# Workspace and Files

swirl()

| Welcome to swirl! Please sign in. If you've been here before, use the same name as you
| did then. If you are new, call yourself something unique.

What shall I call you? Krishnakanth Allika

| Please choose a course, or type 0 to exit swirl.

1: R Programming
2: Take me to the swirl course repository!

Selection: 1

1: Basic Building Blocks 2: Workspace and Files 3: Sequences of Numbers
4: Vectors 5: Missing Values 6: Subsetting Vectors
7: Matrices and Data Frames 8: Logic 9: Functions
10: lapply and sapply 11: vapply and tapply 12: Looking at Data
13: Simulation 14: Dates and Times 15: Base Graphics

Selection: 2

| | 0%

| In this lesson, you'll learn how to examine your local workspace
| in R and begin to explore the relationship between your
| workspace and the file system of your machine.

...

|= | 3%
| Because different operating systems have different conventions
| with regards to things like file paths, the outputs of these
| commands may vary across machines.

...

|=== | 5%
| However it's important to note that R provides a common API (a
| common set of commands) for interacting with files, that way
| your code will work across different kinds of computers.

...

|==== | 8%
| Let's jump right in so you can get a feel for how these special
| functions work!

...

|====== | 10%
| Determine which directory your R session is using as its current
| working directory using getwd().

getwd()
[1] "C:/Users/kk/PortableApps/Git/home/k-allika/repos/DataScienceWithR"

|======= | 13%
| List all the objects in your local workspace using ls().

setwd("C:/Users/kk/PortableApps/Git/home/k-allika/repos/DataScienceWithR/swirl")

| That's not the answer I was looking for, but try again. Or, type
| info() for more options.

| Type ls() to view all the objects in your local workspace.

getwd()
[1] "C:/Users/kk/PortableApps/Git/home/k-allika/repos/DataScienceWithR/swirl"

| Nice try, but that's not exactly what I was hoping for. Try
| again. Or, type info() for more options.

| Type ls() to view all the objects in your local workspace.

ls()
[1] "my_div" "my_sqrt" "x" "y" "z"

| That's the answer I was looking for.

|========= | 15%
| Some R commands are the same as their equivalents commands on
| Linux or on a Mac. Both Linux and Mac operating systems are
| based on an operating system called Unix. It's always a good

...

|========== | 18%
| Assign 9 to x using x <- 9.

x<-9

| Excellent work!

|============ | 21%
| Now take a look at objects that are in your workspace using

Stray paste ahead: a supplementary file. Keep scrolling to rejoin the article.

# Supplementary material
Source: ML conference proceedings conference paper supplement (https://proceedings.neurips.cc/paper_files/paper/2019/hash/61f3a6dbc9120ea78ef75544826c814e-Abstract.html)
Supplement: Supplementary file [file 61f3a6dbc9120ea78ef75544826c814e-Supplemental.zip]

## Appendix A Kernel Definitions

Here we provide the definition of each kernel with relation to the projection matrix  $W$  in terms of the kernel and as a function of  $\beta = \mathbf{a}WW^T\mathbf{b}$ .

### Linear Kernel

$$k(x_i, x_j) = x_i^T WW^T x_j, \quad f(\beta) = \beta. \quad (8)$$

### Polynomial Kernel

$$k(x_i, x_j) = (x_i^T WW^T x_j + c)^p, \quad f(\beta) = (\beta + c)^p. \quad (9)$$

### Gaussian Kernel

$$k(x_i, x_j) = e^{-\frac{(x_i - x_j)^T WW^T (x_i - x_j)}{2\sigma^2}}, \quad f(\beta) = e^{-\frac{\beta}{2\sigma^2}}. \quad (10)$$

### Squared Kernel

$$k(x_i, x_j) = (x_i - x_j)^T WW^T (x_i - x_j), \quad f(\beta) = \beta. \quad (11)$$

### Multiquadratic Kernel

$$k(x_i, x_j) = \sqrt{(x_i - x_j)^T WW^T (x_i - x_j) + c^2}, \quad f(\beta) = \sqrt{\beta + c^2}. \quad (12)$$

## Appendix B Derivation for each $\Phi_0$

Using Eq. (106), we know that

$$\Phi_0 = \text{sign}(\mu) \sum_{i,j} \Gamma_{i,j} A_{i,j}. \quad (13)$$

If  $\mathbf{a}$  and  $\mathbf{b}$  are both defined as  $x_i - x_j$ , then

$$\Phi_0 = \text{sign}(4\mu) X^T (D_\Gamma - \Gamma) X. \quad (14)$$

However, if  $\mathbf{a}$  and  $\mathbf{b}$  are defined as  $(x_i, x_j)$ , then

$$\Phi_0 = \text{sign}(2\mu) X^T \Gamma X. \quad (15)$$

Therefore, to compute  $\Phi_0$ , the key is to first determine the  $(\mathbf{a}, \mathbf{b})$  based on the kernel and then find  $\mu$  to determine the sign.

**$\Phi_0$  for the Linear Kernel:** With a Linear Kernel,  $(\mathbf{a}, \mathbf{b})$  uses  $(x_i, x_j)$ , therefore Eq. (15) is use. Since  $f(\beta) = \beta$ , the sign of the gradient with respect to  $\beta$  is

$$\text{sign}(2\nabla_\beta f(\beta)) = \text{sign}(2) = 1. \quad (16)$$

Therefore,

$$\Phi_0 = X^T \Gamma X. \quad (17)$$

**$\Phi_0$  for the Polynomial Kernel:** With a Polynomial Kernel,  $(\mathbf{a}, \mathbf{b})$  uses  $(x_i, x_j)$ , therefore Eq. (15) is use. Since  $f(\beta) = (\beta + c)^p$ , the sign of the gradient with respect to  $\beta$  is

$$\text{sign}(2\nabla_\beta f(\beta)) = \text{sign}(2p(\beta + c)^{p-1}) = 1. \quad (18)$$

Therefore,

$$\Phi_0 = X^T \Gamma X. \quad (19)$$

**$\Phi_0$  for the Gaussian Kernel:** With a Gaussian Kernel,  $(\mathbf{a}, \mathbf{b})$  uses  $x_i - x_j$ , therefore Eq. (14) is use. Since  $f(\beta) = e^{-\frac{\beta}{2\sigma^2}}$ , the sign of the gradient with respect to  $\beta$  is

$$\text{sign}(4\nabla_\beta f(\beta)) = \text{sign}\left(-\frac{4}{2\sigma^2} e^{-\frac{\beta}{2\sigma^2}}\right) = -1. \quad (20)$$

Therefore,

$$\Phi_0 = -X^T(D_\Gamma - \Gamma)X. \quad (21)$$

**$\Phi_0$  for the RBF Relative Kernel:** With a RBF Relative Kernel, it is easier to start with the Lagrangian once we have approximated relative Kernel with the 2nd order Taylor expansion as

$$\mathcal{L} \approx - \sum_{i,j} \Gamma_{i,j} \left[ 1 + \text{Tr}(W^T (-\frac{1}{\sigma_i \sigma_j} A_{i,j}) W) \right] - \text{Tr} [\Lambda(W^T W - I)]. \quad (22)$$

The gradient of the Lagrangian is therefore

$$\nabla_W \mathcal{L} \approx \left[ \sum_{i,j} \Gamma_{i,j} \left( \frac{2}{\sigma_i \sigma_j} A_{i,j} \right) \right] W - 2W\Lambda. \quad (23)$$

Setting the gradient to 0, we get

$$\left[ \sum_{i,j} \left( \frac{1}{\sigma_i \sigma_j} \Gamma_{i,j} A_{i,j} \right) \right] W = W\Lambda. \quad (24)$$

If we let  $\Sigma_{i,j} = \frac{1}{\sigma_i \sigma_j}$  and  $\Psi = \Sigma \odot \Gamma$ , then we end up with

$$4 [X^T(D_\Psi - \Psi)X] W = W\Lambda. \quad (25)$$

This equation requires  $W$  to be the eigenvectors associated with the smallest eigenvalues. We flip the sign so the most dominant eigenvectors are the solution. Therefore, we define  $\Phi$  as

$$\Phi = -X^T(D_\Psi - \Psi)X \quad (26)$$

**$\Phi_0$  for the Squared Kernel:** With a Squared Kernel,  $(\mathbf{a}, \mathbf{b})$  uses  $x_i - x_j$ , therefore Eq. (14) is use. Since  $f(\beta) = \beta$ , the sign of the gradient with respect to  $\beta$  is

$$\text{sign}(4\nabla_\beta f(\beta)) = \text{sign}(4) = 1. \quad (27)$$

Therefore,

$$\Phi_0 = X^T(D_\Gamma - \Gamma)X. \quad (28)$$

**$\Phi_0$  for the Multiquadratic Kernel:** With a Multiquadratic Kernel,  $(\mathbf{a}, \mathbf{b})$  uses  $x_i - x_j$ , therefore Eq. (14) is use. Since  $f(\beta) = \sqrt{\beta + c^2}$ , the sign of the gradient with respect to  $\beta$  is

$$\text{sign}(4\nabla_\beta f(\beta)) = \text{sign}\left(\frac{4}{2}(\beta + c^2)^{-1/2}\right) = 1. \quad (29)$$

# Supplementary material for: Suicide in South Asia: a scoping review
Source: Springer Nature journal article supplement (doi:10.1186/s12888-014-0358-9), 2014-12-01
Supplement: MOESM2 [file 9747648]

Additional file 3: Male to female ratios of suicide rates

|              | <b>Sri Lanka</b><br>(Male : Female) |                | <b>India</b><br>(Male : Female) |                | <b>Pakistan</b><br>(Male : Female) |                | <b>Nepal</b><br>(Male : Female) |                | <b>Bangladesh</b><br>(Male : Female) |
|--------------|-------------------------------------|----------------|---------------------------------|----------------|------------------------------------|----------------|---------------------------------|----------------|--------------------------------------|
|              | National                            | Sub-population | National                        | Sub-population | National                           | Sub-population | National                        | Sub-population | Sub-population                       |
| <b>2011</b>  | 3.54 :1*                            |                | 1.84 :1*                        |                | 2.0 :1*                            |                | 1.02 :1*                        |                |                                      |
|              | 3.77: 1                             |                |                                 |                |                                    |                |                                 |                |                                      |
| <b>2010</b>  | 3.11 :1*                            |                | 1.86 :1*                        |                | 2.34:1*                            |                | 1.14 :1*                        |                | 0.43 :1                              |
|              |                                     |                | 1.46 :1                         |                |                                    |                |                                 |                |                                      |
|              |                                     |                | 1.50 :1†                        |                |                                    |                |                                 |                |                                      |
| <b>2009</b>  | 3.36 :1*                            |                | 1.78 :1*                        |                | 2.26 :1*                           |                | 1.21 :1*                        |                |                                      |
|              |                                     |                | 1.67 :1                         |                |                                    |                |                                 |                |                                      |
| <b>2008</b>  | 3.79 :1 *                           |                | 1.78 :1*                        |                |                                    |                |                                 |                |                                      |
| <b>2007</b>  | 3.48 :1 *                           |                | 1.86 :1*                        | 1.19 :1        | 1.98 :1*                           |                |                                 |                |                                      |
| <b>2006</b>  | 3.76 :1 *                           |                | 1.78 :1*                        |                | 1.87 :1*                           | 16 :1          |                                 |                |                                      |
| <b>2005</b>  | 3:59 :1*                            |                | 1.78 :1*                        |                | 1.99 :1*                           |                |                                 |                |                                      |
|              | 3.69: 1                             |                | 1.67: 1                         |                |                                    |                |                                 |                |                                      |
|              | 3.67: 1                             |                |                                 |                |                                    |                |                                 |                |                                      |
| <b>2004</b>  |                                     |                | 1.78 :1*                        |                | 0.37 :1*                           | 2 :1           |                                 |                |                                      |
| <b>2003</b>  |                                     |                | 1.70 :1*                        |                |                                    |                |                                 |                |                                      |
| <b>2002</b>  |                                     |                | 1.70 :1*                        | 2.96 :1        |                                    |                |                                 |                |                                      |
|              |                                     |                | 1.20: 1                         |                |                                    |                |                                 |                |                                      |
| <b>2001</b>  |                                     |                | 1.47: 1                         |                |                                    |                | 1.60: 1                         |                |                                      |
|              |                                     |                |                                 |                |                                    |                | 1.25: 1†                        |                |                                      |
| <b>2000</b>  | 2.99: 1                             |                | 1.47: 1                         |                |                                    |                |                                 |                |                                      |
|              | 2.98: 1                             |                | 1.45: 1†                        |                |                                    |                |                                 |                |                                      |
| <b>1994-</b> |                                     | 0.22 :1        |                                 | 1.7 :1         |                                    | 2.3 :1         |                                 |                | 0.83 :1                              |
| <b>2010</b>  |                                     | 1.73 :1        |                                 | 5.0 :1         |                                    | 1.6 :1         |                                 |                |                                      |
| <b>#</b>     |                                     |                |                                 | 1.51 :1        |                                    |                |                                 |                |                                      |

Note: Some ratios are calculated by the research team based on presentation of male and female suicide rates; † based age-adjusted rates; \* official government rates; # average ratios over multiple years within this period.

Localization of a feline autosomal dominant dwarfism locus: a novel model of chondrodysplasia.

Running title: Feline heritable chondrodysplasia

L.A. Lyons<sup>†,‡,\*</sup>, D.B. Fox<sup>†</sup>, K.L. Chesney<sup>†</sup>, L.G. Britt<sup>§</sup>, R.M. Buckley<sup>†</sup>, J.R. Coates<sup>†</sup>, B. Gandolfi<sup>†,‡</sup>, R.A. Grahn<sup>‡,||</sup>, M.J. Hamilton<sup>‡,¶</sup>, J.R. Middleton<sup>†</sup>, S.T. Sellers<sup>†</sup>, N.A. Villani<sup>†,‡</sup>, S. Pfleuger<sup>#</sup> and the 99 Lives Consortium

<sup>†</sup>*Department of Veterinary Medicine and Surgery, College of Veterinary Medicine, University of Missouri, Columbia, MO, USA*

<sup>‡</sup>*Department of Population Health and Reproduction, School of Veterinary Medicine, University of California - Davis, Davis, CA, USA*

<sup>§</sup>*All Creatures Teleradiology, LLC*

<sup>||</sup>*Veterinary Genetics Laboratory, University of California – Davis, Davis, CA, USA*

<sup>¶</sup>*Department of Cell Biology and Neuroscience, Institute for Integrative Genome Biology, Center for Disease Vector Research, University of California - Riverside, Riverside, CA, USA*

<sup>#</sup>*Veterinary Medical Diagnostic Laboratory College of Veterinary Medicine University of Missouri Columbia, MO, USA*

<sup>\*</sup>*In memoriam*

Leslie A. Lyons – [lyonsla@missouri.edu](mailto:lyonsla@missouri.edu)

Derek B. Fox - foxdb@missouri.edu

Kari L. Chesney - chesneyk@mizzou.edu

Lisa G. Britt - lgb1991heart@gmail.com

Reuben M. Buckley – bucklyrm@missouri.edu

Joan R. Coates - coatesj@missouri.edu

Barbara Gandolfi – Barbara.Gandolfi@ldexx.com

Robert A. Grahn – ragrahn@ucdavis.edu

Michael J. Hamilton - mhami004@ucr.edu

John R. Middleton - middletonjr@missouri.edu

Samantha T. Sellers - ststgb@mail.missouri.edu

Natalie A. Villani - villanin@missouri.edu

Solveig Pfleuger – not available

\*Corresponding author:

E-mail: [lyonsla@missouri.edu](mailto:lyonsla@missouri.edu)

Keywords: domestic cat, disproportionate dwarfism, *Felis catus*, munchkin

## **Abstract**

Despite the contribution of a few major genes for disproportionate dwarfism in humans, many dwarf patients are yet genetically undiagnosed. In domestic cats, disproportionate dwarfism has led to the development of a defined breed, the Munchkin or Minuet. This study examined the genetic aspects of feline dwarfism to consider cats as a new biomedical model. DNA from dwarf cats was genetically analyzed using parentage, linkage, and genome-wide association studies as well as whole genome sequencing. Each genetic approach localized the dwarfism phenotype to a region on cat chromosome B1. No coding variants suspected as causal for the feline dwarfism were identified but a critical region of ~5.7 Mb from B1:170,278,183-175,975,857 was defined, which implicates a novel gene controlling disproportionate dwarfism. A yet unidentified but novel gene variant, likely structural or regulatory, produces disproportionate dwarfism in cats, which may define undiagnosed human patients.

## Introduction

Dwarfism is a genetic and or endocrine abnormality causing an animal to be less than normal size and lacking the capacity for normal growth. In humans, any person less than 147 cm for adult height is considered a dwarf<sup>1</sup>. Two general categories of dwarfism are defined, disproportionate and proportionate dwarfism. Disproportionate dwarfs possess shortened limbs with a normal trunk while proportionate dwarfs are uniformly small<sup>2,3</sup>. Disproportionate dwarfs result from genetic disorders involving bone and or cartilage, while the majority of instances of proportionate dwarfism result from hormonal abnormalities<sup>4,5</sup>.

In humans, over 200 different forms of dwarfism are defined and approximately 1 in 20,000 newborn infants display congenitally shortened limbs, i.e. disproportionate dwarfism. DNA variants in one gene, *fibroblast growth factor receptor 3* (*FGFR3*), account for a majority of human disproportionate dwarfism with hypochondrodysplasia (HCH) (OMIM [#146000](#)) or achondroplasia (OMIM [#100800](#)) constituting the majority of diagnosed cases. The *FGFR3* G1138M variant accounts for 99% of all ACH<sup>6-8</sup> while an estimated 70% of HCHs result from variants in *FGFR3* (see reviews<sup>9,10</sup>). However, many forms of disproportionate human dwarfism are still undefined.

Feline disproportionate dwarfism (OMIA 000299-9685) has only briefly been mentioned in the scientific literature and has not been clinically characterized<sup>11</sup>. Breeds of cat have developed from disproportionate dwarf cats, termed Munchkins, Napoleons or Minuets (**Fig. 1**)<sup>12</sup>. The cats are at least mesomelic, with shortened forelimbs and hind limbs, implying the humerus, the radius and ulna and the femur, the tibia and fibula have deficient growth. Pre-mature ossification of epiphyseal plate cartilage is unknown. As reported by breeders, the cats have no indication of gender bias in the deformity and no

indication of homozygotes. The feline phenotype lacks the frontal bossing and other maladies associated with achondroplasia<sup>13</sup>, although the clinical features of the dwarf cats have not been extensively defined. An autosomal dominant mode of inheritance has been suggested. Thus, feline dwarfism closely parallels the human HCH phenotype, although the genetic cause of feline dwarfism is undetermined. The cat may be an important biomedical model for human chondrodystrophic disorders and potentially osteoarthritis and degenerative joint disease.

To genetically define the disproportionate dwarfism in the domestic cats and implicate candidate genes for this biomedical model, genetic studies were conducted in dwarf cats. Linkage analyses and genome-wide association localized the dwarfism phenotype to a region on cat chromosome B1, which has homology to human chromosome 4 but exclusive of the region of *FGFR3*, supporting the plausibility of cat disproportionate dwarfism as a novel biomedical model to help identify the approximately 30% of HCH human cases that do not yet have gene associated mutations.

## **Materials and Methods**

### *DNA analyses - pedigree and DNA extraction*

| ls().

ls()
[1] "my_div" "my_sqrt" "x" "y" "z"

| That's a job well done!

|============= | 23%
| List all the files in your working directory using list.files()
| or dir().

list.files()
character(0)

| Keep up the great work!

|=============== | 26%
| As we go through this lesson, you should be examining the help
| page for each new function. Check out the help page for
| list.files with the command ?list.files.

?list.files

|================ | 28%
| section. Read that section for list.files. Some of these
| functions may be used in later portions of this lesson.

...

|================== | 31%
| Using the args() function on a function name is also a handy way to see what arguments
| a function can take.

...

|=================== | 33%
| Use the args() function to determine the arguments to list.files().

?args()
args(list.files)
function (path = ".", pattern = NULL, all.files = FALSE,
full.names = FALSE, recursive = FALSE, ignore.case = FALSE,
include.dirs = FALSE, no.. = FALSE)
NULL

| You are amazing!

|==================== | 36%
| Assign the value of the current working directory to a variable called "old.dir".

old.dir=getwd()

| Not exactly. Give it another go. Or, type info() for more options.

| Type old.dir <- getwd() to assign the value of the current working directory to a
| variable called "old.dir".

old.dir<-getwd()

| You are quite good my friend!

|====================== | 38%
| We will use old.dir at the end of this lesson to move back to the place that we
| started. A lot of query functions like getwd() have the useful property that they
| return the answer to the question as a result of the function.

...

|======================= | 41%
| Use dir.create() to create a directory in the current working directory called
| "testdir".

?dir.create()
dir.create("testdir")

| Excellent work!

|========================= | 44%
| We will do all our work in this new directory and then delete it after we are done.
| This is the R analog to "Take only pictures, leave only footprints."

...

|========================== | 46%
| Set your working directory to "testdir" with the setwd() command.

setwd()<-"testdir"
Error in setwd() <- "testdir" : invalid (NULL) left side of assignment
setwd("testdir")

|============================ | 49%
| In general, you will want your working directory to be someplace sensible, perhaps
| created for the specific project that you are working on. In fact, organizing your work
| in R packages using RStudio is an excellent option. Check out RStudio at
| http://www.rstudio.com/

...

|============================= | 51%
| Create a file in your working directory called "mytest.R" using the file.create()
| function.

?file.create()
file.create("mytest.R")